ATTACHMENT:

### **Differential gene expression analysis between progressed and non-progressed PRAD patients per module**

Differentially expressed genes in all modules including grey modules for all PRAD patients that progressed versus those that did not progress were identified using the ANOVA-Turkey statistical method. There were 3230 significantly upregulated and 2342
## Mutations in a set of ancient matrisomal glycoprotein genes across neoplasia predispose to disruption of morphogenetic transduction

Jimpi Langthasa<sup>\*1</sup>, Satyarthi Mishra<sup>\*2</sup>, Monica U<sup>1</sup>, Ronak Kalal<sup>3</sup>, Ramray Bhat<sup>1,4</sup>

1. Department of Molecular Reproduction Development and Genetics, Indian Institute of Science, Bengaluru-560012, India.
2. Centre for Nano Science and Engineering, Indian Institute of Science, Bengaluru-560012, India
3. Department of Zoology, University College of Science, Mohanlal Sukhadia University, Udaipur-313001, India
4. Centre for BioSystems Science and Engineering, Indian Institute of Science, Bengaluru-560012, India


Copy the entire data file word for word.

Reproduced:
### **Differential gene expression analysis between progressed and non-progressed PRAD patients per module**

Differentially expressed genes in all modules including grey modules for all PRAD patients that progressed versus those that did not progress were identified using the ANOVA-Turkey statistical method. There were 3230 significantly upregulated and 2342
## Mutations in a set of ancient matrisomal glycoprotein genes across neoplasia predispose to disruption of morphogenetic transduction

Jimpi Langthasa<sup>\*1</sup>, Satyarthi Mishra<sup>\*2</sup>, Monica U<sup>1</sup>, Ronak Kalal<sup>3</sup>, Ramray Bhat<sup>1,4</sup>

1. Department of Molecular Reproduction Development and Genetics, Indian Institute of Science, Bengaluru-560012, India.
2. Centre for Nano Science and Engineering, Indian Institute of Science, Bengaluru-560012, India
3. Department of Zoology, University College of Science, Mohanlal Sukhadia University, Udaipur-313001, India
4. Centre for BioSystems Science and Engineering, Indian Institute of Science, Bengaluru-560012, India